Iran Upgrading Its Uranium Enrichment While U.S. Begins Talks to Reenter Nuclear Accord

Iranian officials said they are willing to once again follow the rules set out in the 2015 Iran nuclear deal but first want the U.S. to rejoin the agreement and reverse sanctions put in place during former President Donald Trump's administration.

Trump pulled the U.S. out of the deal, known officially as the Joint Comprehensive Plan of Action (JCPOA), in 2018, after which Iran began violating terms of the agreement in response to new sanctions the U.S. imposed.

The International Atomic Energy Agency said earlier this year that Iran alerted the agency it planned to begin enriching uranium to 20 percent purity, according to an early 2021 report by the BBC.

President Joe Biden said while campaigning last year that he wanted to rejoin the agreement, and The New York Times reported last week that the U.S. and Iran had plans for "indirect" talks about reviving the JCPOA as meetings about the agreement take place among other countries in Vienna this week.

Iranian television stations quoted one of Iran's negotiators as expressing interest in returning to the rules set out in the agreement but said Iran wanted the U.S. to rejoin it first, according to the Associated Press.

A State Department spokesperson described the Vienna meetings in an email to Newsweek as a "healthy step forward." The top issues the spokesperson said would be discussed at the Vienna meetings include how Iran can resume following the rules set out in the 2015 agreement and what the U.S. needs to do in terms of rolling back its sanctions.

The spokesperson added it is unlikely the U.S. will engage in direct talks with Iran during the meetings but said the U.S. "remains open" to doing so.

Iran nuclear deal Vienna talks
In this handout provided by the EU Delegation in Vienna, Representatives of the European Union, Iran and others attend the Iran nuclear talks at the Grand Hotel on April 6, 2021 in Vienna, Austria. EU Delegation in Vienna/Getty Images

For more reporting on this story from the Associated Press, see below.

The ultimate goal of the deal is to prevent Iran from developing a nuclear bomb, something it insists it doesn't want to do. Iran now has enough enriched uranium to make a bomb, but nowhere near the amount it had before the nuclear deal was signed.

In the latest announced violation, Behrouz Kamalvandi, a spokesman for Iran's civilian nuclear program, said officials had begun mechanical testing of an IR-9 prototype centrifuge. That centrifuge would enrich uranium 50 times faster than the IR-1s allowed under the accord, he said, according to the semi-official ISNA news agency.

The clock is ticking on trying to get the U.S. back into the deal, with the goal of returning Iran to compliance, with a number of issues to consider.

In late February, Iran began restricting international inspections of its nuclear facilities, but under a last-minute deal worked out during a trip to Tehran by Rafael Grossi, the head of the Vienna-based U.N. atomic watchdog, some access was preserved.

Under the agreement, Iran will no longer share surveillance footage of its nuclear facilities with the IAEA but it has promised to preserve the tapes for three months. It will then hand them over to the IAEA if it is granted sanctions relief. Otherwise, Iran has vowed to erase the recordings, narrowing the window for a diplomatic breakthrough.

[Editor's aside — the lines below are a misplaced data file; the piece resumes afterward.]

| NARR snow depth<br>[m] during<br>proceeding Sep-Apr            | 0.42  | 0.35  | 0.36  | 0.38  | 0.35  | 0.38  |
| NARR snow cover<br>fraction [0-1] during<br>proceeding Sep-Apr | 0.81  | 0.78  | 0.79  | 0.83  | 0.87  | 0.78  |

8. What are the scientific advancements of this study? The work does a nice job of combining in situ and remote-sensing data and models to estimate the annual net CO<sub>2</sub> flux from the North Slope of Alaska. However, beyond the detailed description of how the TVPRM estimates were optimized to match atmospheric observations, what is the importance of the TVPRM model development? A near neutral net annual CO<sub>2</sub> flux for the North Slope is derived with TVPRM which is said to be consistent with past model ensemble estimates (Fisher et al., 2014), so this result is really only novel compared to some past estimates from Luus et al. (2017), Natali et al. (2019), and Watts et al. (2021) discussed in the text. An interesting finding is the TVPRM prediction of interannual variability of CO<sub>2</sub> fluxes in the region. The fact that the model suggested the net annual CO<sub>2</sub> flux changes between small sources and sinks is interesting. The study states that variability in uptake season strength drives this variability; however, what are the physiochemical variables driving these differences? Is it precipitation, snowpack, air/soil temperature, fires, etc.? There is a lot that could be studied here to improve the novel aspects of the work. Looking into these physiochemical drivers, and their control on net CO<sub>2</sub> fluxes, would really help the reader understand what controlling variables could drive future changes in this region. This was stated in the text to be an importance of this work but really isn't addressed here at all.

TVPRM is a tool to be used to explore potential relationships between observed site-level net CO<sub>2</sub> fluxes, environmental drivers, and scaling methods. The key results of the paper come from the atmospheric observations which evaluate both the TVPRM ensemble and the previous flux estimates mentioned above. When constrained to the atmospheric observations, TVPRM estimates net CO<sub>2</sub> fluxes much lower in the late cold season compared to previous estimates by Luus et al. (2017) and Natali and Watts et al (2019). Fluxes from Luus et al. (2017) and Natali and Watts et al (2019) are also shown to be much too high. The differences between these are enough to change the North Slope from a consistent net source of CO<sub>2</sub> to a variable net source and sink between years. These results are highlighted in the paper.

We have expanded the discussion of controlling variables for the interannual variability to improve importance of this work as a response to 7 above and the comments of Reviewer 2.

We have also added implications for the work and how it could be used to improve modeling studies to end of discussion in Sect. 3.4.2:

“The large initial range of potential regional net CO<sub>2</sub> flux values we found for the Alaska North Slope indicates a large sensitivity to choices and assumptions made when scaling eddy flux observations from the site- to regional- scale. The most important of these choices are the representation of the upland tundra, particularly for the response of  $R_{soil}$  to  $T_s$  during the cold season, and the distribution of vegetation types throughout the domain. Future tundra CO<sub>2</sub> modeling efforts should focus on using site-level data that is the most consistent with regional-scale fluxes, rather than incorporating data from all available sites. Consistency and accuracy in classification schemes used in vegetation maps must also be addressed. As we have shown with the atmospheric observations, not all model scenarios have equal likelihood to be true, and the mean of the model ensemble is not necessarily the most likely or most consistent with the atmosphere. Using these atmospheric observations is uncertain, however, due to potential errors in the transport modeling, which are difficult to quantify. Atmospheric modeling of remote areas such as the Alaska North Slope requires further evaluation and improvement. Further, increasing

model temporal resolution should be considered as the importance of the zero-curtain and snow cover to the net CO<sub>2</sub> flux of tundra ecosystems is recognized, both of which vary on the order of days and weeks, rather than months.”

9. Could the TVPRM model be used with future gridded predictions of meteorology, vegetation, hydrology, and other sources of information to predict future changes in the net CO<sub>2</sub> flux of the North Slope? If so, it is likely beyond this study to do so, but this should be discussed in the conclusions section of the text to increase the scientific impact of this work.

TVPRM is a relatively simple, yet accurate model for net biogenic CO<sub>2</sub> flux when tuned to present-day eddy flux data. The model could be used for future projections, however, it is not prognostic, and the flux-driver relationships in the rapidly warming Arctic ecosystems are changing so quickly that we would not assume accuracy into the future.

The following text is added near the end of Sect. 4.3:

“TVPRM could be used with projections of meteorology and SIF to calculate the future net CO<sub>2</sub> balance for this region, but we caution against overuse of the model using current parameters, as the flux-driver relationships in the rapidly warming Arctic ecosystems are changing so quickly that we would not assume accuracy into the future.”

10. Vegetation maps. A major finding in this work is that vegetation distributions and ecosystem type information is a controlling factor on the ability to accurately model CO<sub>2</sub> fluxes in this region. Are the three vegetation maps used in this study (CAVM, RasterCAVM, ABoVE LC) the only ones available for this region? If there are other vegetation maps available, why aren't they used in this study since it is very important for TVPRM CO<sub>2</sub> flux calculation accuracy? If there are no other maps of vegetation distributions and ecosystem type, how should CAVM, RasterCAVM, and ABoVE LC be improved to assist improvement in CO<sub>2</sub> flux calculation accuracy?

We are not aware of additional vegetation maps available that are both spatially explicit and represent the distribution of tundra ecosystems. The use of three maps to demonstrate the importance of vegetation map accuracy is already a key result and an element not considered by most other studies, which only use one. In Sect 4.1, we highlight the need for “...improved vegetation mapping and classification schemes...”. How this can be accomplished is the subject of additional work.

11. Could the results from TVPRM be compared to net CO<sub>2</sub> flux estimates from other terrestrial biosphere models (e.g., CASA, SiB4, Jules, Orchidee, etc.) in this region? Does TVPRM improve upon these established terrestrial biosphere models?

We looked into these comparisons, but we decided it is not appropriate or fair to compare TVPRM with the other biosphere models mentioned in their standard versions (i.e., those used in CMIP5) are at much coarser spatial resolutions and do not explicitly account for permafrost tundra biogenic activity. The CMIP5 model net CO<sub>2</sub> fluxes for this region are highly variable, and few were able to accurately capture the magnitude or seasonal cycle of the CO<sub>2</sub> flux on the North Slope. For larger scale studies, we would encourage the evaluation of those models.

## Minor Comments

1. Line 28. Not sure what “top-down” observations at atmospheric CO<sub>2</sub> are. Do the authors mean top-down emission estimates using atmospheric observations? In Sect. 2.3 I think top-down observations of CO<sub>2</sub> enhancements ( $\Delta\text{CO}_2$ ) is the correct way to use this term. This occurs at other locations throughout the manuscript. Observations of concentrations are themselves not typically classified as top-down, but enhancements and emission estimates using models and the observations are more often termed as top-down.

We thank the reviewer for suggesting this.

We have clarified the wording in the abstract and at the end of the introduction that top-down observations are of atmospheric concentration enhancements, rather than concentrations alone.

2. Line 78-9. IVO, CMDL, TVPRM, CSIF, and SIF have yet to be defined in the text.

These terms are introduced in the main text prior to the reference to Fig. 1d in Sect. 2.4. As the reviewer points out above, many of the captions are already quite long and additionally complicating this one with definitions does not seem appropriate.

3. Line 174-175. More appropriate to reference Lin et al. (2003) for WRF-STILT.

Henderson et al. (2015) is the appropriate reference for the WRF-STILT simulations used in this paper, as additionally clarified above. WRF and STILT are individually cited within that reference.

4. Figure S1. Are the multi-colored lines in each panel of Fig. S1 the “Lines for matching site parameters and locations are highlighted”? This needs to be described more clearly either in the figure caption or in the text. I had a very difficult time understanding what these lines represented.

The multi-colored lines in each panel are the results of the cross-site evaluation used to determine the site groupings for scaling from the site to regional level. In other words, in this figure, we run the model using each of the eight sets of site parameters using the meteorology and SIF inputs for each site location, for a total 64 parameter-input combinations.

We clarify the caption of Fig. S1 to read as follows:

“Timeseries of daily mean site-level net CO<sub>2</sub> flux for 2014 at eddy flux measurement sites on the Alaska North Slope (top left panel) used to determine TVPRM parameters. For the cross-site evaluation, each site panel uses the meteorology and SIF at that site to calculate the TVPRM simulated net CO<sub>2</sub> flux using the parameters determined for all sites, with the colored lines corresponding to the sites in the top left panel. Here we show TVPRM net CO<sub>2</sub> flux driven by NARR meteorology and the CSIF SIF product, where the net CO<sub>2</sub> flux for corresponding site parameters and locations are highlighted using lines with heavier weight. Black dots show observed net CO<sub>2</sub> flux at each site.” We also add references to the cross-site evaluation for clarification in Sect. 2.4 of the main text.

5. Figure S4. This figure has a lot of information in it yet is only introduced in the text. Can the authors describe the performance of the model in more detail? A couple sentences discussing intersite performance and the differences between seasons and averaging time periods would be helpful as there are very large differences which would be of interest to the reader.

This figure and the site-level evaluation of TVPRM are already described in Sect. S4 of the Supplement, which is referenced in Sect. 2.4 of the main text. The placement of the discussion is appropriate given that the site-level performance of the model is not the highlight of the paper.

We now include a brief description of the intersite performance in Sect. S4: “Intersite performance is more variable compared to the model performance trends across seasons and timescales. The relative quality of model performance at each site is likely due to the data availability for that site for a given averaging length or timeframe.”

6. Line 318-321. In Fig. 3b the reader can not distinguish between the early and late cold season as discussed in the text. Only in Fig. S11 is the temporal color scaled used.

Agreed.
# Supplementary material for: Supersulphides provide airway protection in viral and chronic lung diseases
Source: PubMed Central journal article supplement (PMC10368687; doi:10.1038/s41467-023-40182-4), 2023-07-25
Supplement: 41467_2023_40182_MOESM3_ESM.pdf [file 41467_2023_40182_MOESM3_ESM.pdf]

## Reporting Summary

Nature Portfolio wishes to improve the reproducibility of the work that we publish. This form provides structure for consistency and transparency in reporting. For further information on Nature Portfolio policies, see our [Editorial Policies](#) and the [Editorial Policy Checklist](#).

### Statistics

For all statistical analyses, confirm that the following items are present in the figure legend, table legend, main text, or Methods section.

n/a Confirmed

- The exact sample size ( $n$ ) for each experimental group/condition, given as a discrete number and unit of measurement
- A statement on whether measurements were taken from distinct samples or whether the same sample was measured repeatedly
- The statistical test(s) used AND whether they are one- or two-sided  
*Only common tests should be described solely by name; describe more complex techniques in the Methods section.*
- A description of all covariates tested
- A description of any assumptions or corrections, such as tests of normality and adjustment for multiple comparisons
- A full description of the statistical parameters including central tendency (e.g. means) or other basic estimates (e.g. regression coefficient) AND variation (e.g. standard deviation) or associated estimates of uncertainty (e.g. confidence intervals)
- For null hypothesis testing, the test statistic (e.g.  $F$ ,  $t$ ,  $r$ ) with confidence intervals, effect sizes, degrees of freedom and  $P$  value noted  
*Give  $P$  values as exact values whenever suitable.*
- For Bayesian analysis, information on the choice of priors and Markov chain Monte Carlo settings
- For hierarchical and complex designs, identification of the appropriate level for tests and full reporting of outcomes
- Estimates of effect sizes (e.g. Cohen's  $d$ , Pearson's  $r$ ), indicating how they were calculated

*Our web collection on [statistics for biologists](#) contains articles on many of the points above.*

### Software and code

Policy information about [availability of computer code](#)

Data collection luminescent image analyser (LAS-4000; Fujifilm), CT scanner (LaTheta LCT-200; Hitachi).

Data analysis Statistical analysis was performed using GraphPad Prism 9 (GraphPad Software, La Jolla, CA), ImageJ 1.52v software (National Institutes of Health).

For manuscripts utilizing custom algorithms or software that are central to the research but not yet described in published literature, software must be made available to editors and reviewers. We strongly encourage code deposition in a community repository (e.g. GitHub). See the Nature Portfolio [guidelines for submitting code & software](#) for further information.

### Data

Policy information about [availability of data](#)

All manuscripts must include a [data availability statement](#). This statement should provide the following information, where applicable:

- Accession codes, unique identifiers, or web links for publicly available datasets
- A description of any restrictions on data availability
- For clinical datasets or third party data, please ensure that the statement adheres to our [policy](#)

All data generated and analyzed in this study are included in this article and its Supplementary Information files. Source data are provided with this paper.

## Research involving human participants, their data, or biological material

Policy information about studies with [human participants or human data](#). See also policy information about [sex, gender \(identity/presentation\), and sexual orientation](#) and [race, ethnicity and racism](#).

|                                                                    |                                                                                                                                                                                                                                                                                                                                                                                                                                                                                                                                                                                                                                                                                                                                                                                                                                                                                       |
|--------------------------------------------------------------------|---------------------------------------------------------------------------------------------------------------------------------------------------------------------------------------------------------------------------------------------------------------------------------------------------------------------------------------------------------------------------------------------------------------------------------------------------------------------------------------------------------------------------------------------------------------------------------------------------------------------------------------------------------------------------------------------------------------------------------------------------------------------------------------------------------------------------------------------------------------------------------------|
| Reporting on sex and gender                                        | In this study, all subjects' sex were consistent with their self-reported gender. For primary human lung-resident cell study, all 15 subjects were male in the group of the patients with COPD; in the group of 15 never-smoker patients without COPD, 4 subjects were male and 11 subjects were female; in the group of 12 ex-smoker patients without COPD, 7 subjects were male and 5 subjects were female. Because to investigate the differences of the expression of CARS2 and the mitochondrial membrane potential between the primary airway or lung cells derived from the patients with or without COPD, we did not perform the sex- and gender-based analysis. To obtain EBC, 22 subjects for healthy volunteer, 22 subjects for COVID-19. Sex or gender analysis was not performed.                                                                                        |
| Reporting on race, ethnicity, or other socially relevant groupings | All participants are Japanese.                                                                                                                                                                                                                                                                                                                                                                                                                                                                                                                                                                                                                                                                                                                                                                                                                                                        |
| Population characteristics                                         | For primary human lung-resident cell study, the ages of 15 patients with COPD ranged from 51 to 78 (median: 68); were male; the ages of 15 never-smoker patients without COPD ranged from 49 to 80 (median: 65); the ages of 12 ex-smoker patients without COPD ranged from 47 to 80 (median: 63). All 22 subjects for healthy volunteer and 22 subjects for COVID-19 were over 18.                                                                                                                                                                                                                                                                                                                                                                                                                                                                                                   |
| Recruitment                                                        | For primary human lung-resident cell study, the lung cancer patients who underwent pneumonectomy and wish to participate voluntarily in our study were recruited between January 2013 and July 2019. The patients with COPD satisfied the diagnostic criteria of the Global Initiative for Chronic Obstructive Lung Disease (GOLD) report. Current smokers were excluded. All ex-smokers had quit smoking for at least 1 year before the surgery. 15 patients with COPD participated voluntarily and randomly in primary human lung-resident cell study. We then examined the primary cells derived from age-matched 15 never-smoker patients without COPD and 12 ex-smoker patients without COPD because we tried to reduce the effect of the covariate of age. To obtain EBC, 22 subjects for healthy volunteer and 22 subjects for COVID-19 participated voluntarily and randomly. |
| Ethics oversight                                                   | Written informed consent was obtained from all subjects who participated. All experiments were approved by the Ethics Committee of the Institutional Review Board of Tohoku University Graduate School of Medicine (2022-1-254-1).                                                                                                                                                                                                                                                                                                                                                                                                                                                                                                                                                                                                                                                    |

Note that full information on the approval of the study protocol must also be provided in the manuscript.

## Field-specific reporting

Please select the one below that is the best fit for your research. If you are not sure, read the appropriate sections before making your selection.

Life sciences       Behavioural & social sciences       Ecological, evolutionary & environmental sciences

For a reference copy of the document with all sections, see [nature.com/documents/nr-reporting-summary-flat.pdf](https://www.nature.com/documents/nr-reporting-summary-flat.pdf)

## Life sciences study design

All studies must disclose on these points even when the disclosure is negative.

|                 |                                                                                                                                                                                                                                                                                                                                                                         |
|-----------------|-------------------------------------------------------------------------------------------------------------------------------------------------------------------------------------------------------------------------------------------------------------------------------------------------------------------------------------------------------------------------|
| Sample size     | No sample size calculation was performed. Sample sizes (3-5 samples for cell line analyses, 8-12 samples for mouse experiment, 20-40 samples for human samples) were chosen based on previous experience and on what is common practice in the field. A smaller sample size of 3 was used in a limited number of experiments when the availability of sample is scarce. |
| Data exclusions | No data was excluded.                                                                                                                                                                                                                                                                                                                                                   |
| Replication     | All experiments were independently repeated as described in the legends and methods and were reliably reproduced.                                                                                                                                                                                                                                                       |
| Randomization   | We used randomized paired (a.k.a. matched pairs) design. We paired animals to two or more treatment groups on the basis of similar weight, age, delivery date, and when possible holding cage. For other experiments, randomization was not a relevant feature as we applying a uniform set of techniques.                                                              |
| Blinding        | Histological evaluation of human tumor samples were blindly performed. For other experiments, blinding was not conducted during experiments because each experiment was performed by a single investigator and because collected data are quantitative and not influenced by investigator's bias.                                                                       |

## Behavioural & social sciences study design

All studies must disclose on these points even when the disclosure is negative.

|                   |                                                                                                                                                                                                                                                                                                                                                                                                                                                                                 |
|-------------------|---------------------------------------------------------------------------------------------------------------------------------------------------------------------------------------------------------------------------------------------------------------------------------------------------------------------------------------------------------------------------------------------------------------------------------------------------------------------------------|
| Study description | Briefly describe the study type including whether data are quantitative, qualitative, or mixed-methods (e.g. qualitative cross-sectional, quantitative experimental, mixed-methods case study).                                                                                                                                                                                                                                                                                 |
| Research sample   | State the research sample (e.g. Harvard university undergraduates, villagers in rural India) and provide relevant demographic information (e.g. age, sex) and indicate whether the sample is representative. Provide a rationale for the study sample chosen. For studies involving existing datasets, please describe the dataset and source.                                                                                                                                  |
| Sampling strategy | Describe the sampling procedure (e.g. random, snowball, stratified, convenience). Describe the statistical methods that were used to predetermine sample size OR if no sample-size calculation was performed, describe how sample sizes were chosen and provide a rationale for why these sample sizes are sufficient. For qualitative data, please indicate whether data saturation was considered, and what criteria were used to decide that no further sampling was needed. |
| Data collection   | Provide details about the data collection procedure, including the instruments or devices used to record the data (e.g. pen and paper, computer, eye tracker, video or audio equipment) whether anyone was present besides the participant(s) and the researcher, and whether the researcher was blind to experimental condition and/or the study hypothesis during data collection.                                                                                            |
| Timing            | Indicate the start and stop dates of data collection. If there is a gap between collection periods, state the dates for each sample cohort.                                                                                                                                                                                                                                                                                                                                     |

Iranian Foreign Minister Mohammad Javad Zarif in March also urged the U.S. to act quickly, noting that as his country's June elections approach, Washington will find itself dealing with a government unable to make progress in the nuclear talks.

In addition, one of the JCPOA's major so-called sunset clauses, a United Nations arms embargo on Iran, expired last year and others are set to expire in the coming years.

The small window for negotiation will make it even more difficult for the U.S. to try to bring new concerns into the deal, such as Iran's regional influence and its ballistic missile program.

Though not taking part in the JCPOA talks, a U.S. delegation headed by the administration's special envoy for Iran, Rob Malley was also in the Austrian capital.

State Department spokesman Ned Price said the delegation was there to hold talks structured around the working groups being formed by the Europeans.

Price said Monday the talks are a "healthy step forward" but added that "we don't anticipate an early or immediate breakthrough, as these discussions, we fully expect, will be difficult."

"We don't anticipate at present that there will be direct talks with Iran," he said. "Though of course we remain open to them. And so we'll have to see how things go."

White House press secretary Jen Psaki said Tuesday there was value to having U.S. diplomats on the ground in Vienna even though they won't be in direct talks with Iran.

"I think it's important to convey to our partners ... that we believe diplomacy is the best step forward," Psaki said.

Zarif on Friday reiterated Iran's position that no additional talks on the JCPOA are needed, since the deal and its parameters have already been negotiated.

"No Iran-US meeting. Unnecessary," he tweeted.

The JCPOA Joint Commission was expected to meet again Friday, and in the meantime, Enrique Mora, the European Union official who chaired the talks, said he would be reaching out individually to all sides.

"As coordinator I will intensively separate contacts here in Vienna with all relevant parties, including U.S.," he tweeted.

U.N. spokesman Stephane Dujarric, asked for Secretary-General Antonio Guterres' reaction to the meetings, said: "We welcome all of these efforts by the JCPOA participants ... to hold constructive dialogue. We hope this is a first step in the right direction."

Updated 4/06 at 6:19 p.m. ET: This article has been updated to include information from a U.S. Department of State spokesperson.